When the City Council tried to begin to deal with the housing crisis, last year, Amazon squelched the effort. A majority of the Council passed a modest employee hour tax that  would have raised over $75 million for low income housing. Though Bezos could have paid Amazon’s share by emptying one of his pants pockets on one night, Amazon and other businesses put so much pressure on the Council that the tax was reversed in less than 2 weeks.  Only Sawant and one other Council member opposed the repeal.         This left a stalemate. The city didn’t have enough money to seriously address housing. In spite of continual repression including regular destruction of homeless camps, the homeless would not go away. Frustration grew on all sides.

How the Campaign Unfolded

Big business decided that the problem was a “too progressive” City Council that refused to deal with the crisis. Its solution was unclear but vaguely for more repression and less “coddling” of criminals . It knew that it wanted to oust many of the current Council members. Amazon, the Downtown Seattle Association and other capitalists ponied up money to back a couple PACs, including  a 1 million dollar drop shortly before the election. They claimed to be the radicals—i.e., against the status quo!  Sawant, the only socialist on the Council, was a special target. In the primary election, Sawant led the pack of several candidates in her district but only received 37% of the vote. This is a historically low percent for an incumbent.

The narrative during the elections was typical of American politics. Sawant was presented as “divisive” and “strident” since she regularly called out big business and other Council members. The  Council as a whole was tagged with being ineffective on homelessness, transportation and “public safety.”

Especially in the campaign of business representative Egan Orion against Kshama Sawant  the political approach was clear. Sawant ran against Big Business and called for higher taxes on wealth as well as rent control. Orion waffled on the issues first supporting rent control and then opposing it. One of his slogans was “It’s not us against them—it’s all of us!”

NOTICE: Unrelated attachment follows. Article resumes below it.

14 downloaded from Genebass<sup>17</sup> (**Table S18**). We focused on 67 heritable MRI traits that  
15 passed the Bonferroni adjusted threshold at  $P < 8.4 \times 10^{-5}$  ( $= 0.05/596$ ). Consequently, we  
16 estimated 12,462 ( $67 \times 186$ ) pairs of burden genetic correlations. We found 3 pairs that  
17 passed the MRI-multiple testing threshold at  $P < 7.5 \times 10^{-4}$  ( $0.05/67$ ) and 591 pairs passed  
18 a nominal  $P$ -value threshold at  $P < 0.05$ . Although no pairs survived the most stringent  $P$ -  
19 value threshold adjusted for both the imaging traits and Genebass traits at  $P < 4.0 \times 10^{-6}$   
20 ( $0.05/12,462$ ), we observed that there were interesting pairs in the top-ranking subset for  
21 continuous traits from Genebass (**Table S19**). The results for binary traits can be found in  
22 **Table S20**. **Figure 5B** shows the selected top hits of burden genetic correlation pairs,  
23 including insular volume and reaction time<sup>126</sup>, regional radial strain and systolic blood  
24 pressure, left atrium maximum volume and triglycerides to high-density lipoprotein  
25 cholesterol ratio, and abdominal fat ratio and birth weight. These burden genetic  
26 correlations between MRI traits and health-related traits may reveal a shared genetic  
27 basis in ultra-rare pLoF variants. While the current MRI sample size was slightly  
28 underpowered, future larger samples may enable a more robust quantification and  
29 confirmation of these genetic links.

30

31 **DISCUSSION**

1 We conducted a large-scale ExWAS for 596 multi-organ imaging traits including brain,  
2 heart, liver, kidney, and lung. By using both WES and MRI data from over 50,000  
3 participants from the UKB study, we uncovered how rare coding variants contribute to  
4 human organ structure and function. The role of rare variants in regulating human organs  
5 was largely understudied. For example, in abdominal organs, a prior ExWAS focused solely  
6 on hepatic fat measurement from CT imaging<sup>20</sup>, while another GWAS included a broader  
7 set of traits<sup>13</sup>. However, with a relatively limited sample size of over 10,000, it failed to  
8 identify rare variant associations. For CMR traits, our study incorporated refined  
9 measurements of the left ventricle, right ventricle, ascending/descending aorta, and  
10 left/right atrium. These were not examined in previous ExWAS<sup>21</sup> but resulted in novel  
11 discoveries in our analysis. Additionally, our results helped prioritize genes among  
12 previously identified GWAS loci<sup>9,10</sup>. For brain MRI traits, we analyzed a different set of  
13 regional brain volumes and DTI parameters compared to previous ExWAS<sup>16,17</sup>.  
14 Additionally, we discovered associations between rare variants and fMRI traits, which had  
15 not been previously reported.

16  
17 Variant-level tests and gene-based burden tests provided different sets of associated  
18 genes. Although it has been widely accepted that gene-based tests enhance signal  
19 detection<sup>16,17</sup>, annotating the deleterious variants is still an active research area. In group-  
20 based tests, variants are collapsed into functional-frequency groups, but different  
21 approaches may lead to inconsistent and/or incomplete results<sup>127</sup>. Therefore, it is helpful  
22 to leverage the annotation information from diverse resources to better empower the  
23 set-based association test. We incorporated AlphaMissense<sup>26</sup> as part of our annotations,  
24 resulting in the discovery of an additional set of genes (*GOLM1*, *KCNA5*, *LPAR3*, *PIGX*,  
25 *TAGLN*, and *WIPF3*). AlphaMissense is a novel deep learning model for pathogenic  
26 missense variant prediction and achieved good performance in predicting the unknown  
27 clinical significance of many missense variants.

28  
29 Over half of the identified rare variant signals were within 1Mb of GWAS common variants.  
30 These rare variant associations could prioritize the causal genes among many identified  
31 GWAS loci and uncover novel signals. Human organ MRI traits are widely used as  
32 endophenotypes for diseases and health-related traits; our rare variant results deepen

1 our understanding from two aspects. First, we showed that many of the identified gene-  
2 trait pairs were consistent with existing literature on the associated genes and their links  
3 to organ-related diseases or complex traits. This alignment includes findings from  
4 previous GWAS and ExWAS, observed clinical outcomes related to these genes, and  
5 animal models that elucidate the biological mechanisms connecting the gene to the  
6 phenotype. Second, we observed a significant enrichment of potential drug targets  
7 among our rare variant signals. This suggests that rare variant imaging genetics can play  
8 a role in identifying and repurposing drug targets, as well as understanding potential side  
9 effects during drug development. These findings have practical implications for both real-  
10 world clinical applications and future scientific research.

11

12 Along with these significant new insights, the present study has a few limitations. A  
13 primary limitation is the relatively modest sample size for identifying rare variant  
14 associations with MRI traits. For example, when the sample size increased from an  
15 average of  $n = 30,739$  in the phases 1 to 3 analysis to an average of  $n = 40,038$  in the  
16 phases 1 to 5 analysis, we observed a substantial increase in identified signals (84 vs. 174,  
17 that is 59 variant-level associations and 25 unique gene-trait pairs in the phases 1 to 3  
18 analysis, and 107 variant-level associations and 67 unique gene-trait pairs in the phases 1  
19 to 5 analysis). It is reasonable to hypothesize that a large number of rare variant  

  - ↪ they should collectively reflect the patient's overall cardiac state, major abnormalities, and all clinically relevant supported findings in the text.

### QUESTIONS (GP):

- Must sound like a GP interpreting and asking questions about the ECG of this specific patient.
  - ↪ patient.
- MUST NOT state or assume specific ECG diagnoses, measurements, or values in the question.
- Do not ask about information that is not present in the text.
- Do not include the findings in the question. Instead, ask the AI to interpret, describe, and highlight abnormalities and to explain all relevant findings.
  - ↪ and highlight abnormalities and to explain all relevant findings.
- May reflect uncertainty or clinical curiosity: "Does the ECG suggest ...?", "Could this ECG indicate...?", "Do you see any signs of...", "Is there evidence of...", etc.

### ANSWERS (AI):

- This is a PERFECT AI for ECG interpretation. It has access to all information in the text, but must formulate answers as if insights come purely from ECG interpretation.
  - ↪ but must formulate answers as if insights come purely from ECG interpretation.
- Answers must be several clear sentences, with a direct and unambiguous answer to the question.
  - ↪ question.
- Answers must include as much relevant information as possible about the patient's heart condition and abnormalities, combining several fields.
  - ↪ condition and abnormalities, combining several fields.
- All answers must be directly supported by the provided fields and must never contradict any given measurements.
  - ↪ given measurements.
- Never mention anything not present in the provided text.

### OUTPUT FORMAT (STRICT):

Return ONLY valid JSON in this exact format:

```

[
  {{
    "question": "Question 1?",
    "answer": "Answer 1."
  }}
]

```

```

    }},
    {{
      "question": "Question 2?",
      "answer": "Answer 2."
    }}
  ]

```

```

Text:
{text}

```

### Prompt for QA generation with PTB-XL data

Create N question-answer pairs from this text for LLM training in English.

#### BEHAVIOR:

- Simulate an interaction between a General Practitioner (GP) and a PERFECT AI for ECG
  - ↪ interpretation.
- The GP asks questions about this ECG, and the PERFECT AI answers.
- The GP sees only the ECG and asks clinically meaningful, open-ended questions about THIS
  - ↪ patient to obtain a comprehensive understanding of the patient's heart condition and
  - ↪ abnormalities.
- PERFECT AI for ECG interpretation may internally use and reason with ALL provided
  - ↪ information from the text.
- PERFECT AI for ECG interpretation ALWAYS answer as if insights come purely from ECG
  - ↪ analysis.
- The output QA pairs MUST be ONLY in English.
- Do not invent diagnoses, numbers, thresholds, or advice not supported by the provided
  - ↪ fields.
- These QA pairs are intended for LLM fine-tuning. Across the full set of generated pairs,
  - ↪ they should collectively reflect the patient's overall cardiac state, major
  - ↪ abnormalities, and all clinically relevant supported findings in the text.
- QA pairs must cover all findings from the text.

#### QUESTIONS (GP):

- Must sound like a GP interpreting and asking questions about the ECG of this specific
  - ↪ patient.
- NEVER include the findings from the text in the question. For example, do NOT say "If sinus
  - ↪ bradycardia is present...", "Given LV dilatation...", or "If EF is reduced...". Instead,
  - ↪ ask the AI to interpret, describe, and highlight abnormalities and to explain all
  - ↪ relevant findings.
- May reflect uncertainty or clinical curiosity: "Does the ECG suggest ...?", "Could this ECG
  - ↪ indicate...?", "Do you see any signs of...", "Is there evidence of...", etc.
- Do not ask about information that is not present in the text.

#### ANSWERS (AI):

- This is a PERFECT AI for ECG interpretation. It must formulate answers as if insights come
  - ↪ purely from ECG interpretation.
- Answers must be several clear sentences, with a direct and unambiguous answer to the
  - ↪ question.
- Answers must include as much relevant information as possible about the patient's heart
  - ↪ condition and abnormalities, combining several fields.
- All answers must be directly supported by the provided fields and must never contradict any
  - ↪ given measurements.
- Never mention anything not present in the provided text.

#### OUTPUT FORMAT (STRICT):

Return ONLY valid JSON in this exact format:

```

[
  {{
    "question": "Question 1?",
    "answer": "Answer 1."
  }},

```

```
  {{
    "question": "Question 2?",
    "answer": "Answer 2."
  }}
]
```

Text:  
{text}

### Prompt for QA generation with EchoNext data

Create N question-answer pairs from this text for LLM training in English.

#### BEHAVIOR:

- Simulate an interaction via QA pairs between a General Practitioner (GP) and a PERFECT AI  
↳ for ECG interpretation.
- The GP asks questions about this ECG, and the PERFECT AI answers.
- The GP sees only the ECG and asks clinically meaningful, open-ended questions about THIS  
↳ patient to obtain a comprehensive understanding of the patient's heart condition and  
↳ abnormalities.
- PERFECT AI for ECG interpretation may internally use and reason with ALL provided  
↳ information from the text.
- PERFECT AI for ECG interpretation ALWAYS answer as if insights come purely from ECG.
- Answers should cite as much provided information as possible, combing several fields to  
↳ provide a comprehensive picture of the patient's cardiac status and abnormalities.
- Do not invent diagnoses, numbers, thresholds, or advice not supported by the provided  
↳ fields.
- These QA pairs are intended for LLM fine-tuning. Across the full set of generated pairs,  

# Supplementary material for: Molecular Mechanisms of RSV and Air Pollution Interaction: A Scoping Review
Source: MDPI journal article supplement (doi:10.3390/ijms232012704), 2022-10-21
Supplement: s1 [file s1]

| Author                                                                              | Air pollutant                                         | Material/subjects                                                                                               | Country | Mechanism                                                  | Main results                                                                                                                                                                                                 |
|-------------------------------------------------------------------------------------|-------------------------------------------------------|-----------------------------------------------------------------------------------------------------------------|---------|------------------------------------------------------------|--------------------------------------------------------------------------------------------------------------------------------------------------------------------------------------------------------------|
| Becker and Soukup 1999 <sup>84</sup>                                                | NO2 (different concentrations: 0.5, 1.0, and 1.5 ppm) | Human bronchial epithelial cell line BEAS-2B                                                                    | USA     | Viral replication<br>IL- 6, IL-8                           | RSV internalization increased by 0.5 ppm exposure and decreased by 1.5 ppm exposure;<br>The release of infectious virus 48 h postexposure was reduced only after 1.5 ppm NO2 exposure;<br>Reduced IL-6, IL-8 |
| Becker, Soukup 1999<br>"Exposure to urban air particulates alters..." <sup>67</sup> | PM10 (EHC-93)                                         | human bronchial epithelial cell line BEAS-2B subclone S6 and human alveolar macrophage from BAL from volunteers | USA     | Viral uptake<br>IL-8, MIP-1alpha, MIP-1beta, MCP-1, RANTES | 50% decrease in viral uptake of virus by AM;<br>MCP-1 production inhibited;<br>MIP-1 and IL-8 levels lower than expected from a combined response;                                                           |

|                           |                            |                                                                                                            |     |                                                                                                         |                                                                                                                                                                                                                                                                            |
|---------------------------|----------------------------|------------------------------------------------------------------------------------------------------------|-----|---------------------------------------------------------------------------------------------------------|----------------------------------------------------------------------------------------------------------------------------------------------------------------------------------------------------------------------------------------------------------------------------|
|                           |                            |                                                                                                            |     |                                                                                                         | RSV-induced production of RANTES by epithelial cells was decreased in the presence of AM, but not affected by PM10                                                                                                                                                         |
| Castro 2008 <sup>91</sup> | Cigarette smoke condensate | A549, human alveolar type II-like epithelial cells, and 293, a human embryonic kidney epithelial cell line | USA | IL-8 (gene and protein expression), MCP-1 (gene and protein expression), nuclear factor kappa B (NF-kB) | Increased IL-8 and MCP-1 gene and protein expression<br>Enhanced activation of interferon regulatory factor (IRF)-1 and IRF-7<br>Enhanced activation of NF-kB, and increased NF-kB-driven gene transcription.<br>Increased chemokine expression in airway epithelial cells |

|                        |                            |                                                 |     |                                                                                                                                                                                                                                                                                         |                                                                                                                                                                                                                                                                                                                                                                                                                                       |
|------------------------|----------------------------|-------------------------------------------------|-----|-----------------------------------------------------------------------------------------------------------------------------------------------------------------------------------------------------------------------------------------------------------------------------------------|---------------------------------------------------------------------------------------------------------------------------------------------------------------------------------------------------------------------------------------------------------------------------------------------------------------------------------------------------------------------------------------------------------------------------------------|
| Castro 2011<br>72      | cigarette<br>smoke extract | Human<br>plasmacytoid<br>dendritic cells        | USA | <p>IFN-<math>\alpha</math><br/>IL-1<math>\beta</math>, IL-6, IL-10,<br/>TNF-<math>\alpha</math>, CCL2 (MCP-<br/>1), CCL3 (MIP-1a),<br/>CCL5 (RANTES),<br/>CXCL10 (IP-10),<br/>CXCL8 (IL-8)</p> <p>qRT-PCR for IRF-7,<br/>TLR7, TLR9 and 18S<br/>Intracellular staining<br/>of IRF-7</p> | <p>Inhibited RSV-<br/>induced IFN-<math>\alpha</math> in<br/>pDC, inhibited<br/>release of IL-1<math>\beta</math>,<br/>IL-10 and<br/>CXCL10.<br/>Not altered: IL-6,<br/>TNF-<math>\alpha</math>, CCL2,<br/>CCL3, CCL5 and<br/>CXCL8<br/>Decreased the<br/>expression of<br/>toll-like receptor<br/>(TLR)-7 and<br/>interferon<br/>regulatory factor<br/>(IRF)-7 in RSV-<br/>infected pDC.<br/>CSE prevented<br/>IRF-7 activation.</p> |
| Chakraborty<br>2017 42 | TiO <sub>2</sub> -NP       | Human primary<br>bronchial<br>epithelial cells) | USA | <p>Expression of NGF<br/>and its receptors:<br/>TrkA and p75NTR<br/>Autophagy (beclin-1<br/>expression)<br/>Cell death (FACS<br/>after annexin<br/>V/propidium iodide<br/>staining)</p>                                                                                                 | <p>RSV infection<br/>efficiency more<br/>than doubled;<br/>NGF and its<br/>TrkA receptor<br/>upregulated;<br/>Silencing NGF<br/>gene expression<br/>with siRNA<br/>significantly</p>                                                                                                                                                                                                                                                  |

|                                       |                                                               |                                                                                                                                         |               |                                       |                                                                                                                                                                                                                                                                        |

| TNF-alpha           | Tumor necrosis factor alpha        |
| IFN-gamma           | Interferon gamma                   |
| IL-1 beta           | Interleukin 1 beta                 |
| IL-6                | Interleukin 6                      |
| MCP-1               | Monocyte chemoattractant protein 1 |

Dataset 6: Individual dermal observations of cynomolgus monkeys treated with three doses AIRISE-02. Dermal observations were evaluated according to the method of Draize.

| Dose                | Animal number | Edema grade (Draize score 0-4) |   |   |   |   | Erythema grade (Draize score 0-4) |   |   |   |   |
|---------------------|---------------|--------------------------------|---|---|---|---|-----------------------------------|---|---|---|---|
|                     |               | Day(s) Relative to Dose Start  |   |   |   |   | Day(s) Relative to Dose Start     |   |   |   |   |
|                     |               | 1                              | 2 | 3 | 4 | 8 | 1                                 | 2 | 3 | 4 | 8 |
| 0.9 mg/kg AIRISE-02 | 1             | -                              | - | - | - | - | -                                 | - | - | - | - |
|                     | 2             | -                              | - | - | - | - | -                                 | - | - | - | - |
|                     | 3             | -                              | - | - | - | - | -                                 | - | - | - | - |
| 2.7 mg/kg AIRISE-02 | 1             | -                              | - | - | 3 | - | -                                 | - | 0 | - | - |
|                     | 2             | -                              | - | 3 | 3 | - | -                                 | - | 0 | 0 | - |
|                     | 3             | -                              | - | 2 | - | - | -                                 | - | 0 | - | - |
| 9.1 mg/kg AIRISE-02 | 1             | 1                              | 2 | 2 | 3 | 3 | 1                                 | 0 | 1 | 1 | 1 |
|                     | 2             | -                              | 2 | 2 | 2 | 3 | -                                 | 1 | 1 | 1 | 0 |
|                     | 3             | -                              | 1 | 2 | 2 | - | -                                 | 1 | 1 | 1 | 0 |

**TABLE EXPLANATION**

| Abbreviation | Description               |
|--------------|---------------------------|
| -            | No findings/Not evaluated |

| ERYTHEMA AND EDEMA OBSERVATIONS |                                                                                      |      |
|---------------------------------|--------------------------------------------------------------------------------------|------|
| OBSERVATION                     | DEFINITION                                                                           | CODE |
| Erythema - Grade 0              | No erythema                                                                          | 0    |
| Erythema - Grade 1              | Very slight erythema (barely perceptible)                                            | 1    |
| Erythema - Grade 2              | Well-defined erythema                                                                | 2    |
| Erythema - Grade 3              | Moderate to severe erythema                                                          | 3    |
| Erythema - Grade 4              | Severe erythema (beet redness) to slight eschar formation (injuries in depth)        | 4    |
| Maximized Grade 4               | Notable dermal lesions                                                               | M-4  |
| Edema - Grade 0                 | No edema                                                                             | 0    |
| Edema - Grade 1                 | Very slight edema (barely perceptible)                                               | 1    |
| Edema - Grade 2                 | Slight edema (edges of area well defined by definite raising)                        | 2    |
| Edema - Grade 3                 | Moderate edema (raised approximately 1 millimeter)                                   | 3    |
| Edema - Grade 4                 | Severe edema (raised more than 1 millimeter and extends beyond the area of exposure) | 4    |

The narrative put out by Orion and others was that the best solutions were collaborative. Implicitly, we had to accept the current division of wealth and power and find solutions within those parameters. In other word , the only “pragmatic” solutions were ones that the capitalists would accept. It would be crediting this narrative too much to call it class collaborationism, since classes were not even acknowledged. Middle class people and other home owners were most receptive to this collaborationism.

Orion denounced Sawant for serving an ideology rather than looking for practical, local solutions. She was also criticized for being under the control of her political organization, Socialist Alternative, which had, horror of horrors, national and international positions. It should be obvious to any observer that city governments in the U.S. are financially strapped but the business candidates refused to admit this, totally rejecting the relevance of national and international or even statewide issues.

The pro-business approach struck an accord with many voters—hence Sawant’s poor showing in the primary. The reason for this was primarily “pragmatism.” Small business owners were tired of homeless people supposedly driving away business. Petty crime including burglary was a problem. Parents complained that homeless drug users left needles in parks and school play grounds.  Property values of homes was impacted by people on the street.

The problems associated with these issues have been exacerbated by the local Sinclair TV channel which put out a misleading documentary called “Seattle Is Dying.”  The bigoted response to homelessness  is of course aggravated by racism. A disproportionate number of the homeless are people of color. Gentrification of the city has resulted in the expulsion of people of color into the surrounding areas or into homelessness.  This highlights a contradiction within the working class. Though most workers living  in Seattle are renters , a significant portion of workers own homes. As precarious as that ownership is, usually much or all of their wealth is wrapped up in their homes. Concern about home values is an important component of many worker’s consciousness.